3. You Turn To Food Or Alcohol To Cope


A 2010 study found that mothers of children with autism showed significantly higher levels of cortisol, a key stress hormone, than mothers of children without special needs. This may causes parents to turn to potentially harmful methods of coping, and could be a sign that you’d benefit from therapy.

Gina Gallagher, speaker and co-author of Shut Up About Your Perfect Kid, talks about how special needs parenting causes parents to have different thoughts than parents of neuro typical children:

“Are there times we think about drinking a box of wine at 9:00 a.m.? You betcha. Are there days when we think we can't stand another moment of watching our kids' struggle to be accepted? Plenty. But there are also days when we experience joys that other parents never understand.”

For me, alcohol became my way to self-medicate on some of the tougher nights with my son and husband when they couldn’t cope with each other, and I couldn’t cope with them. The worries I’d have over other areas in my life were quickly obliterated when I found this temporary way to quiet the demons. Of course, it would be a temporary measure. The anger and sadness would come back stronger than ever the next day.

4. You Disconnect From Family And Friends


According to marriage and family therapist Kristin Reinsberg it’s important for parents of children with special needs to accept support from those around them, rather than shy away from them.

“Parents may be worried that expressing their feelings of anger, depression or fear may not be welcomed or tolerated by those around them,” she wrote for Ability Path. “It is important for families to understand and talk about these feelings, and to know that what they are feeling is natural.”

When you push away from people due to mounting stress is when you most need socializing with friends, family, or even going out to your favorite store and browsing or buying a coffee. I have seen this first-hand with myself. And unless I am physically sick or so tired I can’t see straight, I make sure to go to my monthly support group with my special needs mom friends, have regular outings with my old school friends, and go out to my writer’s meeting without fail. This is how I stay strong and get out of the funk of my stress as a constant caregiver to my son with autism.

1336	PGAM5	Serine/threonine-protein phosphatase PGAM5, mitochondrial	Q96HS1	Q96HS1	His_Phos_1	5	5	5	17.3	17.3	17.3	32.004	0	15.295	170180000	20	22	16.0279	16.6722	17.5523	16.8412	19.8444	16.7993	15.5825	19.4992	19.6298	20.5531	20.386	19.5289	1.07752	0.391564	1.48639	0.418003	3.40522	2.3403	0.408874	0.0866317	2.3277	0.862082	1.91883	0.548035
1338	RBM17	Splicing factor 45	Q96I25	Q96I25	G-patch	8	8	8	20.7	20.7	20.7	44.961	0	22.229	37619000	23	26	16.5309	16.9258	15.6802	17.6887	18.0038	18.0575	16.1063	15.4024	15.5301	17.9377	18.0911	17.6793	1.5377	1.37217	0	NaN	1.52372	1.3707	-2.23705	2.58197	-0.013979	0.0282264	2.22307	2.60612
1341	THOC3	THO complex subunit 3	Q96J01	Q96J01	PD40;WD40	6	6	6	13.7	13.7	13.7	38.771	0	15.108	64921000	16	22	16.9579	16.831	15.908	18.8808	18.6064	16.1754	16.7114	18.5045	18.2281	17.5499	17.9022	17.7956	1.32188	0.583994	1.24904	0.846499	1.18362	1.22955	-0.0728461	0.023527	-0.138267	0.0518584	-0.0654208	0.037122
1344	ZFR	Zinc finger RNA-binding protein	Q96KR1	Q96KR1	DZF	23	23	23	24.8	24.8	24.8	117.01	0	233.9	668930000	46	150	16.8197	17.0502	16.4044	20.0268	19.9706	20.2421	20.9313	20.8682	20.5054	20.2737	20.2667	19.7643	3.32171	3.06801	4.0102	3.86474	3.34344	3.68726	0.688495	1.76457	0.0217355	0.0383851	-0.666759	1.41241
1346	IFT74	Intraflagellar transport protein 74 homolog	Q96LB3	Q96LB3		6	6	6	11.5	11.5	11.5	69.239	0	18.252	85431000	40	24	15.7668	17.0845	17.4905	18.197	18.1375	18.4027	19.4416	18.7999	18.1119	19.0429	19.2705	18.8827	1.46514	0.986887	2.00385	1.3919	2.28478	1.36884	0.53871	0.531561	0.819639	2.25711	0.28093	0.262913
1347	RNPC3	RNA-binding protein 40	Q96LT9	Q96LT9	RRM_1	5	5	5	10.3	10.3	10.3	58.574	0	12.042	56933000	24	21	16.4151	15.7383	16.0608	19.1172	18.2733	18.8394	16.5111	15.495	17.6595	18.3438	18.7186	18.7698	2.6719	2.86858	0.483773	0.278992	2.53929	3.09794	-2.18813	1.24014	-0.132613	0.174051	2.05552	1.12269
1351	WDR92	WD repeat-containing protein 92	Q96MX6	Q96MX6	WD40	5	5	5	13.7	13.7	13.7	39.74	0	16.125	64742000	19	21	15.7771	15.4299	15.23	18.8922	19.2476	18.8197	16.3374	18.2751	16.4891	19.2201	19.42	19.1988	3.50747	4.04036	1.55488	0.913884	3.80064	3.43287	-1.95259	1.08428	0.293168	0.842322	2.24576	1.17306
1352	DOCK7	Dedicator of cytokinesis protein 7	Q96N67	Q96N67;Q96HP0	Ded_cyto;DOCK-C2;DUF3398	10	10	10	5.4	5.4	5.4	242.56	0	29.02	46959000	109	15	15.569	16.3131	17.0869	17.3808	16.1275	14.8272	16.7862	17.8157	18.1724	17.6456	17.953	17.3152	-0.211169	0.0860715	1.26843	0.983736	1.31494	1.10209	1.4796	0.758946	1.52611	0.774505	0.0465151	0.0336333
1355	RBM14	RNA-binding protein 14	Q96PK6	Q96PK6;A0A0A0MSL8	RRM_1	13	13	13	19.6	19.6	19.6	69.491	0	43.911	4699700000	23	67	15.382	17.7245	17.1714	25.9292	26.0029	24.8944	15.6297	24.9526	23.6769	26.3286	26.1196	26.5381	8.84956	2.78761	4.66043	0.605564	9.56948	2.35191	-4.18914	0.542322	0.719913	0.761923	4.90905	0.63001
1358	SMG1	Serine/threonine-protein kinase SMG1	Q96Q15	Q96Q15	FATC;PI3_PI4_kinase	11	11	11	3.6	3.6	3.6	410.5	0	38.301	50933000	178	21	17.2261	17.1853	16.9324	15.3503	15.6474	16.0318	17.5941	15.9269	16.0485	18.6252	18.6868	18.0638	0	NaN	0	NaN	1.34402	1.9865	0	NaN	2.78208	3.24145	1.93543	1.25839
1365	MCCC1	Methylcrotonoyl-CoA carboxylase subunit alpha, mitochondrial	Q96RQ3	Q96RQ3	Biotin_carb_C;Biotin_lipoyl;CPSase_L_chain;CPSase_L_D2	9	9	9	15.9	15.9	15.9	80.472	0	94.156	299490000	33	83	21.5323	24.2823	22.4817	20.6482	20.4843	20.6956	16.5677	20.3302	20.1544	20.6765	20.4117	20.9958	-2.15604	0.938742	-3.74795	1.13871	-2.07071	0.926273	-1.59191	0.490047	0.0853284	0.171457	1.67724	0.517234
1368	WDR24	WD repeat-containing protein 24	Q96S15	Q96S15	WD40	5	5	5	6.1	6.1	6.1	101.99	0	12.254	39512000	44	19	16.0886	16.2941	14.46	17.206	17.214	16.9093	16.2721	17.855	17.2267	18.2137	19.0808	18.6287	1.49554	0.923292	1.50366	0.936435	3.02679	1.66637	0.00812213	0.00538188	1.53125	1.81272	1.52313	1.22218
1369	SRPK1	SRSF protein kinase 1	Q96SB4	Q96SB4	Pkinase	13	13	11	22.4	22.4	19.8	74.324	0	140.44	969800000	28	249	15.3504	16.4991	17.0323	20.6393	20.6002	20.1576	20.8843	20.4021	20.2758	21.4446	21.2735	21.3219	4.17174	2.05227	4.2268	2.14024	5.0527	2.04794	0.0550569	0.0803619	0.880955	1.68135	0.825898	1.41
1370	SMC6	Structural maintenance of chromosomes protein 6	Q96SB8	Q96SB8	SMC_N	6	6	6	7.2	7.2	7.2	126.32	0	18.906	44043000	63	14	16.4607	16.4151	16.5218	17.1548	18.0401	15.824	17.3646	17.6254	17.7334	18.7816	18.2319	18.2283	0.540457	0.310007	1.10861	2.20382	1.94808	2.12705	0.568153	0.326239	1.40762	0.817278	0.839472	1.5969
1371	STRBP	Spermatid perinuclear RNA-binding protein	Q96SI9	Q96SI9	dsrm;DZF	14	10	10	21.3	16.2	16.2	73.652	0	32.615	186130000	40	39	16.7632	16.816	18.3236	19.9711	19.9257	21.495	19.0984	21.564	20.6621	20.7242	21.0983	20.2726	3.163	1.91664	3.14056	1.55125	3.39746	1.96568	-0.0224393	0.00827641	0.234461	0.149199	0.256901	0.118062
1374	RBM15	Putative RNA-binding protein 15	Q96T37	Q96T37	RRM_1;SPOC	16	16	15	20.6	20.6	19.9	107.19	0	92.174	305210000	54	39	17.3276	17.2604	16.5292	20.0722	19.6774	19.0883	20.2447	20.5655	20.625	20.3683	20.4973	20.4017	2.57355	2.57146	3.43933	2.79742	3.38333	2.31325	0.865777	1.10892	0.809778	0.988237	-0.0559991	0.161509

5. You Feel Burnt Out

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Clinical psychologist Robin F. Goodman, told Healthline that it's often trying so hard to be a good parent that can set a parent up for burnout. “Setting a high standard for the kind of parent you want to be and not being able to meet that standard adds pressure.” It’s important to know what you’re capable of when it comes to caring for your child, and when to ask for help. Because if you’re tired and stressed, it will only make parenting that much more challenging.”

It’s sometimes hard to hold onto this, but the happiest families aren’t the families with no challenges (no such thing). They’re the families with the strongest coping mechanisms, which mean they know when to seek help. You do yourself and your children the greatest favor when you do.

I used to think I was being strong by keeping all my frustrations inside and away from my family and mom friends. After all, many of them have more than one child and a lot have more than one child with autism or other challenges. Who am I to complain? But after hitting rock bottom with depression/burnout two years ago, I saw what I needed to change. What I do now is check in daily and weekly with myself on how I am feeling. If anything is amiss, I talk to trusted loved ones right away, and am gentle and forgiving with myself reminding myself that I am doing the best that I can. When you do this as a parent and caregiver, it makes all the difference in the world.